domingo, 6 de junio de 2021

Psychologically Challenged

 Short, but not flat (

Psychologically Challenged. That’s how I felt today. What else would you say if you had experienced this sequence of events.

First you feel tired. Not only from yesterday but from the entire week. With an accumulated TSS of 1300 from Monday to Sunday and a TSB of -28 I haven’t had a week this hard since June 2019, the week we had a training camp in Asturias and we finished with the Quebrantahuesos.

Then my climbing bike didn’t work. I only have myself to blame. Yesterday, Javier, the bike mechanic wannabe, fiddled with the bottom bracket trying to get rid of an annoying sound that was making my beloved bike sound as if it were The Pope’s. I was lucky Luca didn’t ride with us yesterday otherwise I would have been called to order. 

Javier, the bike mechanic wannabe, fiddling with the bottom bracket, meant that riding to LW the bike felt like I was pedalling in squares. As the route passed next to my house I had the opportunity to switch bikes. Now I was riding my long distance bike. A more comfortable bike but also, a considerably heavier bike. 

Riding into Kent, with a group where everyone is stronger than you, on tired legs, not on your lightest bike and following a route that Noel could have named as “Getting as many hills as possible before you get to Four Elms” would have been enough to make me feel psychologically challenged. But that was not all. No, no. There was more.

I had no idea of the route. The arrogant in me loaded the route in the Garmin without looking at anything else than the distance (117km in the provided route) and acknowledging there was some climbing. Short but not flat, I told myself, that’s all you need to know. Didn’t feel like that once I found myself in the route constantly going up and down. Isn’t it psychologically challenging to find yourself riding up and down with no idea of where you are going? Well, there is more.

By km 15 I started to wonder where the coffee stop would be. Somehow I decided it would be at km 60 and I started to count down the kilometres to the coffee stop. In fact at that point I thought I’d title this report “counting down kilometres”. But psychologically challenged felt more appropriate, if not for what I mentioned so far for what is coming. Oh yes, there is more coming.

At some point I heard Noel telling The Pope we would be stopping at Four Elms. I had no idea where Four Elms were so that information didn’t help much. But from that moment I was not only counting down kilometres but also looking for all signs in search of any clue that would tell me how far Four Elms was. Km 60 came and we didn’t stop. Worrying. 

But, but, but, at some point I saw a sign reading “Four Elms ¾”. Brilliant, I thought, we are there, coffee time. But no. We arrived at Four Elms, we passed Four Elms and we didn’t stop. In fact not only we didn’t stop but the road started to go up. 

Wait! what? 

Yes, we didn’t stop at Four Elms and now we were climbing. I would have complained to Noel but he was already well ahead of me in the climb. A climb that, despite how psychologically challenged I had been to that point, I attacked with high morale and full of optimism. To the point I was even climbing out of the saddle, giving it all to get to the top ahead of Denis and Marek. But that was not the top of the climb!!!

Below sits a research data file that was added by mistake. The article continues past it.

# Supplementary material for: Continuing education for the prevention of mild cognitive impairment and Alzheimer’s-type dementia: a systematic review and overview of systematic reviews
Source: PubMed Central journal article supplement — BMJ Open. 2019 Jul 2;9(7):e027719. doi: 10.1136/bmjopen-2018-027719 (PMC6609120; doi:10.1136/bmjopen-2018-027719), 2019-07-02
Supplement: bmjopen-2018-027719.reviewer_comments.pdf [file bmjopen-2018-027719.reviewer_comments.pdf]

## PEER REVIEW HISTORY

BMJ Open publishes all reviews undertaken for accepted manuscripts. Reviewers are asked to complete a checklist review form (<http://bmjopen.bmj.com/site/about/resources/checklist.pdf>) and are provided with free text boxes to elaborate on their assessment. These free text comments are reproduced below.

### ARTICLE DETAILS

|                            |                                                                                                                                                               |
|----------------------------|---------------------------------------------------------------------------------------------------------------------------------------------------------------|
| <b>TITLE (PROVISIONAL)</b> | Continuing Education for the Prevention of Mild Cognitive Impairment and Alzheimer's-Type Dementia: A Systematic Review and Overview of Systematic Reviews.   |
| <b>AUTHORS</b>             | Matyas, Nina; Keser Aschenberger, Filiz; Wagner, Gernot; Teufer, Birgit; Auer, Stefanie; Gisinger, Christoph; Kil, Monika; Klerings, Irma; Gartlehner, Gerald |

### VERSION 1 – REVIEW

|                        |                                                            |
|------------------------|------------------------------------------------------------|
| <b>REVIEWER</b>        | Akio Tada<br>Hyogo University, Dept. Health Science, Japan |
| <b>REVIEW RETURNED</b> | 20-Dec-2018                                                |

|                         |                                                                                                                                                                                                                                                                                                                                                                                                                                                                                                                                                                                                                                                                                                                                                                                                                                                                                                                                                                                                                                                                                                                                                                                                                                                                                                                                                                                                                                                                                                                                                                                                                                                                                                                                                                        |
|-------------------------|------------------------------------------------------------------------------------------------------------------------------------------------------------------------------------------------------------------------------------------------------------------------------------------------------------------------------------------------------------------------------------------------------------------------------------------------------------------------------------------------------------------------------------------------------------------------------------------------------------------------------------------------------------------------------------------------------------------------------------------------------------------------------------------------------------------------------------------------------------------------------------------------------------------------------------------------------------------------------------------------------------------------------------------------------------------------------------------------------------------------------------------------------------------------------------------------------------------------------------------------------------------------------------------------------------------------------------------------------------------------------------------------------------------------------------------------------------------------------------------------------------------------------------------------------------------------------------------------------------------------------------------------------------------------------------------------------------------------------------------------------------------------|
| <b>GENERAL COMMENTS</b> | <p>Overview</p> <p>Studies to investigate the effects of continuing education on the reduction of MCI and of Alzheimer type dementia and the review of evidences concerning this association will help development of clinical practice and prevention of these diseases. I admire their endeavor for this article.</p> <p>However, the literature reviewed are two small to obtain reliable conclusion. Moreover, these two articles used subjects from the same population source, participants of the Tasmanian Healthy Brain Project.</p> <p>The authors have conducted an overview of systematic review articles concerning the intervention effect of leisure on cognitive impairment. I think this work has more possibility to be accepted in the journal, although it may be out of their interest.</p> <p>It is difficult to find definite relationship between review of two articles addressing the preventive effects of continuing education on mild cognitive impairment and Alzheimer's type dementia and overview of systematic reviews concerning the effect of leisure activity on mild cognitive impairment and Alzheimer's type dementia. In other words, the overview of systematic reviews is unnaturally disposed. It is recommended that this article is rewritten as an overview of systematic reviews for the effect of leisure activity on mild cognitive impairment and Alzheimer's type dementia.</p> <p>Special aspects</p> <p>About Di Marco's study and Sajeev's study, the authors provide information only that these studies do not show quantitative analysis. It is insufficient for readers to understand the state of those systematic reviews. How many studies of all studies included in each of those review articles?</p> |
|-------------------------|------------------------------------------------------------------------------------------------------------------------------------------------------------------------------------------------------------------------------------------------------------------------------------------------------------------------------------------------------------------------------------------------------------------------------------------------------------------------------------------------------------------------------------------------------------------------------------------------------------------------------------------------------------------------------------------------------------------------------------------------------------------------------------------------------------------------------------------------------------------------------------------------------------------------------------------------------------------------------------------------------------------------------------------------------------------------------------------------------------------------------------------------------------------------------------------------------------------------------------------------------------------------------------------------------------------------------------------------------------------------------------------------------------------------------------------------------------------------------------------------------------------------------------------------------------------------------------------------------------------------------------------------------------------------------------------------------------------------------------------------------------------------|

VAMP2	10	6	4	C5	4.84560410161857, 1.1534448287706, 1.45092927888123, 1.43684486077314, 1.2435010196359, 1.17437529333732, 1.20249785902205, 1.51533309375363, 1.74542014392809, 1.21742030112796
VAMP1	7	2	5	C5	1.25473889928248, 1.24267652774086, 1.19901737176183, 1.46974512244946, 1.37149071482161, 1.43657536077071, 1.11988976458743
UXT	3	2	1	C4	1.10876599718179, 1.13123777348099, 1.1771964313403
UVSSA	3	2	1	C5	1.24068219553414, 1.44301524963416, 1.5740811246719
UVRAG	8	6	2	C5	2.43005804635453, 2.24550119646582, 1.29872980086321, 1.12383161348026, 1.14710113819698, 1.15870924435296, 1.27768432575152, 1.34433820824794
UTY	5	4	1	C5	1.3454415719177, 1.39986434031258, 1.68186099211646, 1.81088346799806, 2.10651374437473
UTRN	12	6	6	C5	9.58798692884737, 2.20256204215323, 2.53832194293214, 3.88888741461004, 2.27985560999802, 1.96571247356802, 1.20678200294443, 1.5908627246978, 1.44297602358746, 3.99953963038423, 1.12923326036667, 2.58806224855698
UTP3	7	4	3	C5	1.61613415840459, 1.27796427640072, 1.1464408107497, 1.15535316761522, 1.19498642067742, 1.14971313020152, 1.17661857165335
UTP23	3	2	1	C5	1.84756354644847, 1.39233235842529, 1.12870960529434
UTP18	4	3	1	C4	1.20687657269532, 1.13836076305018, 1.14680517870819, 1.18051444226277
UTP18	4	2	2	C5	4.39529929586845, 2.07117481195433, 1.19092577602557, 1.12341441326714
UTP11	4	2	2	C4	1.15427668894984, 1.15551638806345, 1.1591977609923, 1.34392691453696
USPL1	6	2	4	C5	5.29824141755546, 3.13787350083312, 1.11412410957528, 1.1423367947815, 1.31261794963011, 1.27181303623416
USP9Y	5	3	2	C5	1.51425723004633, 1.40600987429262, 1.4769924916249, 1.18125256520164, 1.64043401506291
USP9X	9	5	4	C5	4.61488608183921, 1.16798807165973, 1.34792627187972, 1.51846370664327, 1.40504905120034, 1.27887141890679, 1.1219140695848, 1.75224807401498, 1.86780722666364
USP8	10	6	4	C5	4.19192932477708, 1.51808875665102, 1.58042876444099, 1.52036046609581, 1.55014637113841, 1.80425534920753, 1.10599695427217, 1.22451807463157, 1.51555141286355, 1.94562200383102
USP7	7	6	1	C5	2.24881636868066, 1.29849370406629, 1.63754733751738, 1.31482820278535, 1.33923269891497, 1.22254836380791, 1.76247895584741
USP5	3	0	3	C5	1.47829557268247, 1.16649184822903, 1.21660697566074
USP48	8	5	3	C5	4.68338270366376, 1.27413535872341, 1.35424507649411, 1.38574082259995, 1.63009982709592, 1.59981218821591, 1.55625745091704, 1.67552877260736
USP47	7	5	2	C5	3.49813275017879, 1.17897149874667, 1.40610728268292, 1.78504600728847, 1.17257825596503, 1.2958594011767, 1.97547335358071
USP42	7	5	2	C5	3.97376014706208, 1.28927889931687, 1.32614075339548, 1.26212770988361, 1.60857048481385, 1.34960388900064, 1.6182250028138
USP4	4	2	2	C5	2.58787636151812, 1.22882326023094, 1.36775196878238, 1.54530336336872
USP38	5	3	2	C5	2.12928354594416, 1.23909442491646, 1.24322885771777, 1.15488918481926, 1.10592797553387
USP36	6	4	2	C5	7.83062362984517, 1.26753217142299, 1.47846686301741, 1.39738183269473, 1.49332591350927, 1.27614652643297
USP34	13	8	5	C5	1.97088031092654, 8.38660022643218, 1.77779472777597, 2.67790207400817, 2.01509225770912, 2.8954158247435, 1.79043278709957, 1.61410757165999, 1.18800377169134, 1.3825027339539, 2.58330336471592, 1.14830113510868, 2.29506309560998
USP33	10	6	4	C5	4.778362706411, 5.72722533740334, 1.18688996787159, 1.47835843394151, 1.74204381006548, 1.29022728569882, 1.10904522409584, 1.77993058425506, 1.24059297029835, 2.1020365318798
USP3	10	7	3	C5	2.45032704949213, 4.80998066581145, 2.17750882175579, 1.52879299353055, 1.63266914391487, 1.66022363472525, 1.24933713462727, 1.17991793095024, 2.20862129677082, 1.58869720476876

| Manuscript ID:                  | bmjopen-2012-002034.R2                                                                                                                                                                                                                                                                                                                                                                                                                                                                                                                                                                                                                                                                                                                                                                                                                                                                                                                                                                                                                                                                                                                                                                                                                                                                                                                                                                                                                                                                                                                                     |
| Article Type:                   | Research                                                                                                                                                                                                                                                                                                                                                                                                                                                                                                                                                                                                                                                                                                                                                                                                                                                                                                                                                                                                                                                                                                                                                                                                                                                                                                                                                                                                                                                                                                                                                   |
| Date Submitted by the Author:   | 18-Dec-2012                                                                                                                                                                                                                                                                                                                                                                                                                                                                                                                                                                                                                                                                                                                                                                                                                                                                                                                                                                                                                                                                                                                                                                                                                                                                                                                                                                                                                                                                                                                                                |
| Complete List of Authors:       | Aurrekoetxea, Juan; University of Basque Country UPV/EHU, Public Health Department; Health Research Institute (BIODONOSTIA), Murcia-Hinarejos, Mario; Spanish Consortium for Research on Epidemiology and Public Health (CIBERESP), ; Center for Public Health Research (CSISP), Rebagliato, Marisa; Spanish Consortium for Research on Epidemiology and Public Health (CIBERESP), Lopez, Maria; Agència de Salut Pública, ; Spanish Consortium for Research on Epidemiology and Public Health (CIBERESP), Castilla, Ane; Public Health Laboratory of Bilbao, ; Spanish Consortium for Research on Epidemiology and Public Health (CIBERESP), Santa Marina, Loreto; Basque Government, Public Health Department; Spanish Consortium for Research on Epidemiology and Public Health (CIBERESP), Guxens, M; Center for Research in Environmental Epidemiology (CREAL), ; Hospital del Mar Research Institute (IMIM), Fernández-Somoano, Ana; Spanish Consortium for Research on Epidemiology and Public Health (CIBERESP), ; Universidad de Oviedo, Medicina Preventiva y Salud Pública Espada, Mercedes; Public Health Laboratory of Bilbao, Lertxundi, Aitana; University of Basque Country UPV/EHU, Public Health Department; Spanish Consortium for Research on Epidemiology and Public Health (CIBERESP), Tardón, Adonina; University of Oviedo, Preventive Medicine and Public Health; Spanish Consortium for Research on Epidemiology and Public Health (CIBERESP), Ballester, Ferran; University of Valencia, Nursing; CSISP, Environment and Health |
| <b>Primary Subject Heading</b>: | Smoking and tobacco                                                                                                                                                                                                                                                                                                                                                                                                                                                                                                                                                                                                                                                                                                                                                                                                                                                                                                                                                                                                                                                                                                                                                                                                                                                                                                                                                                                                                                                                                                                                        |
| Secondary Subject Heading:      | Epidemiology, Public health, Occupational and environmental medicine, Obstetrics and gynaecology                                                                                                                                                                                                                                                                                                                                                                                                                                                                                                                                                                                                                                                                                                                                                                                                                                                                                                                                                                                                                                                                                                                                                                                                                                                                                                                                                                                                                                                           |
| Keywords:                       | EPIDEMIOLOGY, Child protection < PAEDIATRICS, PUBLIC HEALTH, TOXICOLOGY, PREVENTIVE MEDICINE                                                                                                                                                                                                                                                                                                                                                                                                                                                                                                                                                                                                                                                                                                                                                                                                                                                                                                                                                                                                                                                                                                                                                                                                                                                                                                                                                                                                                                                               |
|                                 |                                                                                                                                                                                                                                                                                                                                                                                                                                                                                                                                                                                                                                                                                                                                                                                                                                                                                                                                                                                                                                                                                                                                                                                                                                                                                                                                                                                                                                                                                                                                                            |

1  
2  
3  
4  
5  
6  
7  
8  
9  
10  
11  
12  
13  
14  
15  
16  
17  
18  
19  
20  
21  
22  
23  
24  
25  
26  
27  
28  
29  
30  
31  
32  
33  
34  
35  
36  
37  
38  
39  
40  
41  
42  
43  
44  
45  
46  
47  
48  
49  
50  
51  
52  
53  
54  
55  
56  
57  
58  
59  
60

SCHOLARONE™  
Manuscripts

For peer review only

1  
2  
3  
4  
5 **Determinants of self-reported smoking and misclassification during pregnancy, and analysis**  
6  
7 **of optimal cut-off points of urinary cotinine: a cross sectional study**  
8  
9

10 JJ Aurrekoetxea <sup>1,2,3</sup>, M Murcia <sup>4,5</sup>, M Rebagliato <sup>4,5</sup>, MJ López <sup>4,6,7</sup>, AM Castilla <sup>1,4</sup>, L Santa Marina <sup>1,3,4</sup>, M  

Some words I can’t write here were pronounced. I sat on the saddle and despite all I still managed to keep myself in the game of avoiding being last at the top. I fell back to the best tactic in these situations. Sit on Denis wheel and follow him. 

Well my tactic is not just sit on his wheel and follow him. My tactic is also to attack and pass him as soon as we are close enough to the top of the climb. Javier might not be a great mechanic but is a great strategist.

The top of the climb was in sight and sure enough I jumped out of the saddle. A shame it was only to find out after a few meters that we were not approaching the top. The road turned ever so slightly and revealed even more climbing. Not a little more, a fair amount of climbing still left. Steep climbing I have to add so you get all the context. 

That was it. A few more words I won’t reproduce were pronounced and I surrendered myself. Denis and Marek rode away and I was last by a big margin. Javier, the mechanic wannabe, the great strategist, the terrible hill reader got to the top completely demoralised and wondering where the hell was the coffee stop!!!

I had to wait until km 80. It is fair to say it was a great coffee stop. Sitting in the garden, the sun shining, having a great chat and, crucially for me, drinking coffee.

Once again coffee changed everything for me. It all started with Noel, the not-so-great route designer, mentioning there weren’t actually any other big climbs left. Fantastic news.

It followed with me starting to feel “comfortable” in the group. To the point that I even considered moving to the front. It was only a thought and sense came to me before converting a silly thought into a silly action. That was a good sign though, not only because it is normally good to control your silly thoughts but also because that silly thought meant I had forgotten how demoralised I was just before the coffee stop.

It finished with me doing fairly well holding Bidders, Rupert and Noel’s wheel in the last climb of the day and claiming second at the Horton sprint after a decent sprint against Rupert. 

By the time I got home I was physically and psychologically exhausted. Time for me to take an easy week and to call a proper bike mechanic to sort the bottom bracket of my climbing bike.

The ride in Strava:

Take care

Javier Arias González

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